Vulnerability of Atmospheres of M Dwarf Planets

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Vulnerability of Atmospheres of M Dwarf Planets

Post by Sirius_Alpha on 1st June 2010, 8:13 pm

Two interesting papers regarding the effect of a red dwarf on the atmospheres of its (close in) planets.

Atmospheric mass loss by stellar wind from planets around main sequence M stars

Abstract wrote:We present an analytic model for the interaction between planetary atmospheres and stellar winds from main sequence M stars, with the purpose of obtaining a quick test-model that estimates the timescale for total atmospheric mass loss due to this interaction. Planets in the habitable zone of M dwarfs may be tidally locked and may have weak magnetic fields, because of this we consider the extreme case of planets with no magnetic field. The model gives the planetary atmosphere mass loss rate as a function of the stellar wind and planetary properties (mass, atmospheric pressure and orbital distance) and an entrainment efficiency coefficient $\alpha$. We use a mixing layer model to explore two different cases: a time-independent stellar mass loss and a stellar mass loss rate that decreases with time. For both cases we consider planetary masses within the range of $1\to10$ M$_{\oplus}$ and atmospheric pressures with values of 1, 5 and 10 atm. For the time dependent case, planets without magnetic field in the habitable zone of M dwarfs with initial stellar mass losses of $\leq \dot{M}_{w} < 10^{-11}$ M$_{\odot}$ yr$^{-1}$, may retain their atmospheres for at least 1 Gyr. This case may be applied to early spectral type M dwarfs (earlier than M5). Studies have shown that late type M dwarfs (later than M5) may be active for long periods of time ($\geq 4$Gyr), and because of that our model with constant stellar mass loss rate may be more accurate. For these stars most planets may have lost their atmospheres in 1 Gyr or less because most of the late type M dwarfs are expected to be active. We emphasize that our model only considers planets without magnetic fields. Clearly we must expect a higher resistance to atmospheric erosion if we include the presence of a magnetic field.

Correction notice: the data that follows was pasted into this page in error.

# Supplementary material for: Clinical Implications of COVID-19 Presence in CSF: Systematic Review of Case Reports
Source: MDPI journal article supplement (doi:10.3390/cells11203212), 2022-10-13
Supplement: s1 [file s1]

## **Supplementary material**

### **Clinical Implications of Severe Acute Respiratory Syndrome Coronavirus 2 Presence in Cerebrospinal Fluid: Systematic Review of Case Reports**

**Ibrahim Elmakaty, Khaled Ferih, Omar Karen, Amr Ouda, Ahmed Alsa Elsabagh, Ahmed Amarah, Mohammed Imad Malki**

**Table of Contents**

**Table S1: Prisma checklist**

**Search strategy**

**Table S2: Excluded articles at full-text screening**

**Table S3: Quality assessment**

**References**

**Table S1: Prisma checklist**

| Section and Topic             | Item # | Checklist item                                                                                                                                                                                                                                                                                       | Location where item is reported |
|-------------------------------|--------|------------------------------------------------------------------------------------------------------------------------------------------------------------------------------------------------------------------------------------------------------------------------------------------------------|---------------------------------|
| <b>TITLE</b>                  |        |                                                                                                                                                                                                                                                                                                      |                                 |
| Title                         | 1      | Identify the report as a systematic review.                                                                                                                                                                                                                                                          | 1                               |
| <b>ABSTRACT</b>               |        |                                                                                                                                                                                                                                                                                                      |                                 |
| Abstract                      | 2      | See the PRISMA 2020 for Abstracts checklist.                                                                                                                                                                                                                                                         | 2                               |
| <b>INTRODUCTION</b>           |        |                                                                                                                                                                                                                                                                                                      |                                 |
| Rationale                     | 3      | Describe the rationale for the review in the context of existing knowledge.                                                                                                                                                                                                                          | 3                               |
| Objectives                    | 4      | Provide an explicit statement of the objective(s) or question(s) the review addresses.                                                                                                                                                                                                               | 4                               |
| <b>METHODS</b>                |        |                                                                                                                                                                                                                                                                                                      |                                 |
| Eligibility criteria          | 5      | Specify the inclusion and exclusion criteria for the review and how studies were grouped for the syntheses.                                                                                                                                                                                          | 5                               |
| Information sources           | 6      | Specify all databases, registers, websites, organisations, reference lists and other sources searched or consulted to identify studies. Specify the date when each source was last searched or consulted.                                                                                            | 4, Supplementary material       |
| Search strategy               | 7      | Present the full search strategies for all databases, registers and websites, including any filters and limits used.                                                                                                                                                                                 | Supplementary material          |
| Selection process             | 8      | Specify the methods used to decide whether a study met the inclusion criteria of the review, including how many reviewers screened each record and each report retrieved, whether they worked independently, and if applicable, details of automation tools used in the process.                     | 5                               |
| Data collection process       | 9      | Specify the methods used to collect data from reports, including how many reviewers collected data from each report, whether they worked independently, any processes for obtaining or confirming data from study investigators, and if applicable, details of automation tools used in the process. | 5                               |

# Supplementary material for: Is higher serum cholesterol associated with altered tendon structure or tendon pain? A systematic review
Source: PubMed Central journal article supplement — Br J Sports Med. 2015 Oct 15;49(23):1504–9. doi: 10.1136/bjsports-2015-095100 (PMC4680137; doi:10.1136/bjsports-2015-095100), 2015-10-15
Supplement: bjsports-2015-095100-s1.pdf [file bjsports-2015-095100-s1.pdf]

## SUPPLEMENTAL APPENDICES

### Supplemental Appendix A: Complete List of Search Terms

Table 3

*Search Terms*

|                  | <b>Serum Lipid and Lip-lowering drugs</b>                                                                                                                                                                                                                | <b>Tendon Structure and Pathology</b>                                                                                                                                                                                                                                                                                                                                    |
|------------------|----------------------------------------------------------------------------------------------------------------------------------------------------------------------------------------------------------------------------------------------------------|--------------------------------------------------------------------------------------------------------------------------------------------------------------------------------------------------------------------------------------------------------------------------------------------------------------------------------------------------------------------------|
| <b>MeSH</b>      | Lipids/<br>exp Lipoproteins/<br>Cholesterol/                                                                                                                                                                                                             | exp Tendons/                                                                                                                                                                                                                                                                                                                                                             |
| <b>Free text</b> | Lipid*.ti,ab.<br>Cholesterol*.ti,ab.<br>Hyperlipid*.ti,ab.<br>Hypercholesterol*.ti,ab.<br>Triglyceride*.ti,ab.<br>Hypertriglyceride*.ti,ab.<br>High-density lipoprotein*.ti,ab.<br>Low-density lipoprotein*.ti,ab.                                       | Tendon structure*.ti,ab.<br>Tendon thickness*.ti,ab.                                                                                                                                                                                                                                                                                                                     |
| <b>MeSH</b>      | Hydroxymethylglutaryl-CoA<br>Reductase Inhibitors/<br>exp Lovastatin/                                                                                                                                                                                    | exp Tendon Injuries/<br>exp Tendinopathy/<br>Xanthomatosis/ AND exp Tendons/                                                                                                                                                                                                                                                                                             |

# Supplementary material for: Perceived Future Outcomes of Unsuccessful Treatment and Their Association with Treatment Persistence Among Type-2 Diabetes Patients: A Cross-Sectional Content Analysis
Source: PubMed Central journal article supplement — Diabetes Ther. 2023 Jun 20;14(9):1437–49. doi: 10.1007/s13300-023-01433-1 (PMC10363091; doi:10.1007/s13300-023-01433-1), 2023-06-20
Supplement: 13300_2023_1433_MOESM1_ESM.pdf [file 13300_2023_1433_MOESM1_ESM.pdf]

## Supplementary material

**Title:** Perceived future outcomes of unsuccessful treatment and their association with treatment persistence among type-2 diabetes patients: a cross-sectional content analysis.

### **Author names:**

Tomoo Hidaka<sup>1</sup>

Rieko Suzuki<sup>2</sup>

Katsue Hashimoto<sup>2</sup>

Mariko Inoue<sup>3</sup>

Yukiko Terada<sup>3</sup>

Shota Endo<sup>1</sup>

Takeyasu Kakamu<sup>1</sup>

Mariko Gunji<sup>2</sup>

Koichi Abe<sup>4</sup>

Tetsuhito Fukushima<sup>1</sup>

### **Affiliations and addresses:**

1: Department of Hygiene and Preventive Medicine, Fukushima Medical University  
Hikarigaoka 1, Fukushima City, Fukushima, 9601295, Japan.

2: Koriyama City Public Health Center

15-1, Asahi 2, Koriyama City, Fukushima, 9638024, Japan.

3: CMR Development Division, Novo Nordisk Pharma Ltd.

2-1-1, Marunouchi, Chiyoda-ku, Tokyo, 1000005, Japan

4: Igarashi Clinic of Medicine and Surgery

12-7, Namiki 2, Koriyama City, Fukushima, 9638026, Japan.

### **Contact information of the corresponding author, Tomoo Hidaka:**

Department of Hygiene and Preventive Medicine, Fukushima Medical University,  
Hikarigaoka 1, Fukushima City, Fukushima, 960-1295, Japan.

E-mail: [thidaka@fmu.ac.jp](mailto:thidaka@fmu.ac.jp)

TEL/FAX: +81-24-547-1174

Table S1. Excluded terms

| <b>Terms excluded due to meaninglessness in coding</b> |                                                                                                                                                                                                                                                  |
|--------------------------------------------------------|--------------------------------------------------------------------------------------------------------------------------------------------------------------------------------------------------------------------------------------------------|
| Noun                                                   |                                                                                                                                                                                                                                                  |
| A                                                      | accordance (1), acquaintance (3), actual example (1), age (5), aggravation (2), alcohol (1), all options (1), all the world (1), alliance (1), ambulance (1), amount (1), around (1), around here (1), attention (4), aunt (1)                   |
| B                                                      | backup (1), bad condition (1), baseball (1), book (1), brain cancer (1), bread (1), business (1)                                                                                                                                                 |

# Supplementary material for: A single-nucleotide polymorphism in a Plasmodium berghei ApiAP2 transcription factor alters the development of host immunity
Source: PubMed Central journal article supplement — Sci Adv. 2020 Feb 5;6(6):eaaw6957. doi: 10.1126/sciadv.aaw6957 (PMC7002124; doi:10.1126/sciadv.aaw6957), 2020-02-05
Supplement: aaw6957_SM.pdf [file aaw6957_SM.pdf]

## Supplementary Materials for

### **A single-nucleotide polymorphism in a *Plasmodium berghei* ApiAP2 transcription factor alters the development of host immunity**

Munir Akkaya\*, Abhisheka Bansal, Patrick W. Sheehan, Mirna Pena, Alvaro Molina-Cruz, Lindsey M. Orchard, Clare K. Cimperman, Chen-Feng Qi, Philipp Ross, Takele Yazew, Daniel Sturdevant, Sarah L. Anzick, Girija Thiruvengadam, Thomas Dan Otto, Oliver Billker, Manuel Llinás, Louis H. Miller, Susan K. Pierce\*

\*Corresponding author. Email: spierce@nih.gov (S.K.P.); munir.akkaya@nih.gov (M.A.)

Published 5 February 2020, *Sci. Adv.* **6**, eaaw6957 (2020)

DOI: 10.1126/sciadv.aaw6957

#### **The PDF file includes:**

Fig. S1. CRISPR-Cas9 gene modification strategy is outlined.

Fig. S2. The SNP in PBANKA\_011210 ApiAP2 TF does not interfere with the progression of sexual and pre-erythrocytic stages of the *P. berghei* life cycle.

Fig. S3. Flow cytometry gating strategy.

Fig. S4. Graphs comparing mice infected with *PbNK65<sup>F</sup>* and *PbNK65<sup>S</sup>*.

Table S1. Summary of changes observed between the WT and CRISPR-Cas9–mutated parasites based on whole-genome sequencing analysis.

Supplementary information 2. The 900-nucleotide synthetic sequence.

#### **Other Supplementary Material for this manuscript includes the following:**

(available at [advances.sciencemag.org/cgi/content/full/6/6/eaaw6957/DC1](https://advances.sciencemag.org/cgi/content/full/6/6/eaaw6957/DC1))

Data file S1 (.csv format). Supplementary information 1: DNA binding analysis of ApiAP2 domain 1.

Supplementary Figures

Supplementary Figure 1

The Effect of a Strong Stellar Flare on the Atmospheric Chemistry of an Earth-like Planet Orbiting an M dwarf

Abstract wrote:Main sequence M stars pose an interesting problem for astrobiology: their abundance in our galaxy makes them likely targets in the hunt for habitable planets, but their strong chromospheric activity produces high energy radiation and charged particles that may be detrimental to life. We studied the impact of the 1985 April 12 flare from the M dwarf, AD Leonis (AD Leo), simulating the effects from both UV radiation and protons on the atmospheric chemistry of a hypothetical, Earth-like planet located within its habitable zone. Based on observations of solar proton events and the Neupert effect we estimated a proton flux associated with the flare of $5.9\times 10^{8}$ protons cm$^{-2}$ sr$^{-1}$ s$^{-1}$ for particles with energies >10 MeV. Then we calculated the abundance of nitrogen oxides produced by the flare by scaling the production of these compounds during a large solar proton event called the "Carrington event". The simulations were performed using a 1-D photochemical model coupled to a 1-D radiative/convective model. Our results indicate that the ultraviolet radiation emitted during the flare does not produce a significant change in the ozone column depth of the planet. When the action of protons is included, the ozone depletion reached a maximum of 94% two years after the flare for a planet with no magnetic field. At the peak of the flare, the calculated UV fluxes that reach the surface, in the wavelength ranges that are damaging for life, exceed those received on Earth during less than 100 s. Flares may therefore not present a direct hazard for life on the surface of an orbiting habitable planet. Given that AD Leo is one of the most magnetically-active M dwarfs known, this conclusion should apply to planets around other M dwarfs with lower levels of chromospheric activity.

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